A day in A&E: Embarrassment, frustration, anger, sympathy

Embarrassment was one of the emotions I experienced this week in an emergency department (ED).

I realised that the supervision and management of livestock marts, and the conditions that exist there for animals, was superior in many ways to the chaos that ensues in EDs.

And among the other emotions were frustration, anger, and sympathy.

Sympathy, especially, for the frontline staff. How do they cope hour after hour, day after day?

They deserve more than public admiration for their professionalism in dealing with minute-by-minute crises and still managing to smile and show courtesy to patients, and especially show restraint when continually pestered by worried people accompanying patients.

Nurses and doctors in EDs do not, unfortunately, have the respect of their management and certainly not politicians and their administrators in government.

I attended Cork University Hospital accident and emergency unit after experiencing symptoms relating to a cardiac condition. I had a heart attack over four years ago and, although I have a defibrillator device inserted, certain symptoms persist.

I wish I had taken more time before deciding to attend the ED.

It was just exasperating. But, to emphasise, that’s just a personal opinion.

And a day or two later, I’m none the wiser about any likely risk to my health, if there was one.

The waiting may have been frustrating but it was also an eye-opening experience. 

Patients with broken and twisted limbs, children with head wounds, workmen with fingers severed, frail wheelchair-bound elderly with partners looking equally disorientated, and many others showing obvious signs of distress with stomach pains.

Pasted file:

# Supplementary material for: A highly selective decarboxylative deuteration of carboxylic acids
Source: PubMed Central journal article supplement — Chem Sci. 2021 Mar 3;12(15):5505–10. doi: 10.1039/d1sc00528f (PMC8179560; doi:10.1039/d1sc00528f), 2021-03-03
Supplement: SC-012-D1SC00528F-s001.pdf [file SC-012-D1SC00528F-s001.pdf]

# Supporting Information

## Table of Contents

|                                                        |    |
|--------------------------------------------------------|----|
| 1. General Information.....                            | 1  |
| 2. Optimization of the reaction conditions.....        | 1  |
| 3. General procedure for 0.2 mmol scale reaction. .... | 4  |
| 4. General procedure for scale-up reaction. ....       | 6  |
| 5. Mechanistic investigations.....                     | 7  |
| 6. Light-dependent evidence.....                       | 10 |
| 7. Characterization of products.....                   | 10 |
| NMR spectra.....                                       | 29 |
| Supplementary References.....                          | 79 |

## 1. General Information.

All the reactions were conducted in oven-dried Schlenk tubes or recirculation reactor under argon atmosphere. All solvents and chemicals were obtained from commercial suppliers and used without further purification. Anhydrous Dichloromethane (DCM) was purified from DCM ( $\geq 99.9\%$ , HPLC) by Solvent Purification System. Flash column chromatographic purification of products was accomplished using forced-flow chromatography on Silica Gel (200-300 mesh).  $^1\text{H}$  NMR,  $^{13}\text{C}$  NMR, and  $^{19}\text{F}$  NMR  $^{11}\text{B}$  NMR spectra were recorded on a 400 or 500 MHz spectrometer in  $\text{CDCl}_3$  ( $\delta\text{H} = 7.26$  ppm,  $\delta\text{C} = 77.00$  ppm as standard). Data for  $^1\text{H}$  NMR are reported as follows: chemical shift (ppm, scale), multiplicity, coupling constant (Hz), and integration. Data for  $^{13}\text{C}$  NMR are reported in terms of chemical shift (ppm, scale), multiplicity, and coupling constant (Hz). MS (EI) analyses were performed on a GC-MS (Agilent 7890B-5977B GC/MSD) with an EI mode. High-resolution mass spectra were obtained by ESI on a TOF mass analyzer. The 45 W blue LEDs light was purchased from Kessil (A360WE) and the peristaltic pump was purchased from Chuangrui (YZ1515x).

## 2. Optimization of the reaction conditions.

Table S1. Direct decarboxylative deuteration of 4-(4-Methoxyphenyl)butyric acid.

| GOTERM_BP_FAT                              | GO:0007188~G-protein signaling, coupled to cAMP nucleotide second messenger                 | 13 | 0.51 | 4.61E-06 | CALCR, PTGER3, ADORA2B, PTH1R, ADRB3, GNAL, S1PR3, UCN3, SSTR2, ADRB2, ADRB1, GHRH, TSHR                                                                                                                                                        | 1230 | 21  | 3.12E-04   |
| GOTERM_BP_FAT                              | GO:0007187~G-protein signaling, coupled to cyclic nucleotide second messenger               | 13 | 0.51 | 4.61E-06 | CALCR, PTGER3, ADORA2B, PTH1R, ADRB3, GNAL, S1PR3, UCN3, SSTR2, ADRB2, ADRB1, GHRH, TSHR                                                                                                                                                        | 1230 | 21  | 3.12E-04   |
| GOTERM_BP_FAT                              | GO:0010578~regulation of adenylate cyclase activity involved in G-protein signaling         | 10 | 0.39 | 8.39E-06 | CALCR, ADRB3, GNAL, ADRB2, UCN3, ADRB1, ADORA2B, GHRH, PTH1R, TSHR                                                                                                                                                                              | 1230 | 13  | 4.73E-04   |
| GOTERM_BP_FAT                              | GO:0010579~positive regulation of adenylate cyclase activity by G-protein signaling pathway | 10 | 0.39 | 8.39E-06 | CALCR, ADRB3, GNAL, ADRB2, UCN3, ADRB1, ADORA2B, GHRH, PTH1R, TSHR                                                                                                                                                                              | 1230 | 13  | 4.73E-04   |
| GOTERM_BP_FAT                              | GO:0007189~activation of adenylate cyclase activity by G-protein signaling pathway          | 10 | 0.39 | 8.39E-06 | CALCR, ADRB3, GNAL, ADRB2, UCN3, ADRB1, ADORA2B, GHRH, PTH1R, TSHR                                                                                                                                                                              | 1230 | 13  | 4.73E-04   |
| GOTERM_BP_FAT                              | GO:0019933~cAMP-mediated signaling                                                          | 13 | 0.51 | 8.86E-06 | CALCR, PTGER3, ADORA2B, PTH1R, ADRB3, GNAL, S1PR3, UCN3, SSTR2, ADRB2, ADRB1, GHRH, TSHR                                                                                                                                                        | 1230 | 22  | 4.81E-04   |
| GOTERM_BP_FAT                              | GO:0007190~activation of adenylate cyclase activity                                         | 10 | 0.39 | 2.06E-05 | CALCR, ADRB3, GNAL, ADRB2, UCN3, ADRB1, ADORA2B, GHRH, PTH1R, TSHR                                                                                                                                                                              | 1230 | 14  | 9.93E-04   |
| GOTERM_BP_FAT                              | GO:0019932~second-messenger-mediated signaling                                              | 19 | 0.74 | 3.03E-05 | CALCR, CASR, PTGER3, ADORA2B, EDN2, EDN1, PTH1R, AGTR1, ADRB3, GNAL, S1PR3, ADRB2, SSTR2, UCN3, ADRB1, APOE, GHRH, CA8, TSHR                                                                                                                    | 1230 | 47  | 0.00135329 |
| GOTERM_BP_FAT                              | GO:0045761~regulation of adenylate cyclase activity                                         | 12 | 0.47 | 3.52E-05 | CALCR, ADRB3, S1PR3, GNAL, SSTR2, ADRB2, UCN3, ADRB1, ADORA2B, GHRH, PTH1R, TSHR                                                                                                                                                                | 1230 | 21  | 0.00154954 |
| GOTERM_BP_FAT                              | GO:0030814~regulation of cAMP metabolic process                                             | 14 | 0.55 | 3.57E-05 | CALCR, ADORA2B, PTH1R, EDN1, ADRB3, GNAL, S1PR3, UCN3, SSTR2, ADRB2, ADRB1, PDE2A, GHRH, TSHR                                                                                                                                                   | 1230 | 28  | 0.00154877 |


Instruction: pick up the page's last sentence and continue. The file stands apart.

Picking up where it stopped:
The sight of terrified mums and dads cradling sick babies really tugs at the heartstrings.

And this, I witnessed during my nine hours in an ED — on a weekday.

God help those admitted over any weekend period, especially a bank holiday.

I had arrived, this week, just after 1.30pm. Within 30 minutes I had an ECG and was advised by the nurse to return to the waiting room for a doctor’s assessment of the electrocardiogram test.

I waited, and waited, and waited and, even as my mobile phone battery expired, still waited and waited, in vain, before discharging myself at 10.38pm — without seeing a doctor.

The person at reception advised: “If you leave and anything happens, it’s your responsibility” before adding: “You’ve only been here nine hours!”

A couple, probably in their 40s, who had arrived at the ED around midday with the husband having suffered the first signs of chest pains, said matter-of-factly: “We’re not happy but we’ll stay to 5am if we have to. We’re not taking chances.”

My feeling of embarrassment as I took a good look around me stemmed from the presence of so many sick children, and other young people with worried parents and many elderly who were in a distressed state.

Showing no visible signs of injury or pain, I felt so out-of-place as there were so many others who desperately needed urgent attention.

With continuing pains in my left arm more bearable, I decided to vacate the waiting room as the number of arrivals was increasing significantly.

On arrival initially, there were about 30 people in the small waiting room but, by 10pm, I counted 77 with about 20 or more people in a nearby corridor.

Of course, you don’t expect a relaxed ambience in a hospital waiting room. There were 30 hard plastic and very uncomfortable chairs and a poorly-stocked soft drinks and chocolate dispenser. 

The nearby canteen had closed around 6pm. Some children were sprawling themselves out on the floor. 

Wheelchairs added to the mayhem. The room, effectively, was stuffed with people.

An ED is just not a place for the faint-hearted.

And, despite claims that socially-deprived people without private health insurances are treated as second-class in a hospital waiting room, being a VHI subscriber for 30 years or more didn’t give me any priority — and I didn’t expect it when I viewed the chaos around me.

In CUH, the triage examination room is adjacent to the waiting area.

The triage system was introduced as a process of setting priorities, from 1 to 5, of treatment of patients in EDs.

At one stage, a doctor emerged from the triage room and pleaded with people to stop asking staff about likely waiting times.

The doctor admitted: “We’re all frustrated — but we’re trying to do our best to treat people.”

Yesterday, the HSE’s national director of emergency management Damien McCallion said after a “difficult” few weeks, he was hopeful of some improvement in EDs this week.

The heroic workers who staff EDs will be so pleased to hear such comforting words!

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